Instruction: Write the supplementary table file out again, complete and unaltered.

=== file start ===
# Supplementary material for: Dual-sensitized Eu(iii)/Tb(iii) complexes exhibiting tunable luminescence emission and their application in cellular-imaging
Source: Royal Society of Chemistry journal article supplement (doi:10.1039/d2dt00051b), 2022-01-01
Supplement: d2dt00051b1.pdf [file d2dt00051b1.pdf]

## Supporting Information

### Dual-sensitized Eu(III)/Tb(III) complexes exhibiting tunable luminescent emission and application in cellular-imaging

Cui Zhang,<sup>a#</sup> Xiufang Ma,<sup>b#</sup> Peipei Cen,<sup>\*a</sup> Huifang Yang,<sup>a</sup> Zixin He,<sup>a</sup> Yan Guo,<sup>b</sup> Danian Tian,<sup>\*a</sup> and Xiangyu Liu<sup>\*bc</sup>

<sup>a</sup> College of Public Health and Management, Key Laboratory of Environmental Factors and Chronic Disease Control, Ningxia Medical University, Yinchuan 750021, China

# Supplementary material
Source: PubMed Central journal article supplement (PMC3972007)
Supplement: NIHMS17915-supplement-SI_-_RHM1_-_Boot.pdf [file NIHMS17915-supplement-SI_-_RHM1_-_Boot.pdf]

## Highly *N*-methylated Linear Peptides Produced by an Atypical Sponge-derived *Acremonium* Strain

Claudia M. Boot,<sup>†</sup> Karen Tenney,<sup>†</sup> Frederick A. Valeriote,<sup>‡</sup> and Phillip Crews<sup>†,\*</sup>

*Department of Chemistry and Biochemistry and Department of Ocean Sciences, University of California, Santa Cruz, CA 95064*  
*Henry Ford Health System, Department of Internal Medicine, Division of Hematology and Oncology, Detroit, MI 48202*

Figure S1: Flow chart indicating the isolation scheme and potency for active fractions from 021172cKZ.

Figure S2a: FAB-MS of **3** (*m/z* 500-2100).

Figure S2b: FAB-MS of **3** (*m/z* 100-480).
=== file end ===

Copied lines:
# Supplementary material for: Dual-sensitized Eu(iii)/Tb(iii) complexes exhibiting tunable luminescence emission and their application in cellular-imaging
Source: Royal Society of Chemistry journal article supplement (doi:10.1039/d2dt00051b), 2022-01-01
Supplement: d2dt00051b1.pdf [file d2dt00051b1.pdf]

## Supporting Information

### Dual-sensitized Eu(III)/Tb(III) complexes exhibiting tunable luminescent emission and application in cellular-imaging

Cui Zhang,<sup>a#</sup> Xiufang Ma,<sup>b#</sup> Peipei Cen,<sup>\*a</sup> Huifang Yang,<sup>a</sup> Zixin He,<sup>a</sup> Yan Guo,<sup>b</sup> Danian Tian,<sup>\*a</sup> and Xiangyu Liu<sup>\*bc</sup>

<sup>a</sup> College of Public Health and Management, Key Laboratory of Environmental Factors and Chronic Disease Control, Ningxia Medical University, Yinchuan 750021, China

# Supplementary material
Source: PubMed Central journal article supplement (PMC3972007)
Supplement: NIHMS17915-supplement-SI_-_RHM1_-_Boot.pdf [file NIHMS17915-supplement-SI_-_RHM1_-_Boot.pdf]

## Highly *N*-methylated Linear Peptides Produced by an Atypical Sponge-derived *Acremonium* Strain

Claudia M. Boot,<sup>†</sup> Karen Tenney,<sup>†</sup> Frederick A. Valeriote,<sup>‡</sup> and Phillip Crews<sup>†,\*</sup>

*Department of Chemistry and Biochemistry and Department of Ocean Sciences, University of California, Santa Cruz, CA 95064*  
*Henry Ford Health System, Department of Internal Medicine, Division of Hematology and Oncology, Detroit, MI 48202*

Figure S1: Flow chart indicating the isolation scheme and potency for active fractions from 021172cKZ.

Figure S2a: FAB-MS of **3** (*m/z* 500-2100).

Figure S2b: FAB-MS of **3** (*m/z* 100-480).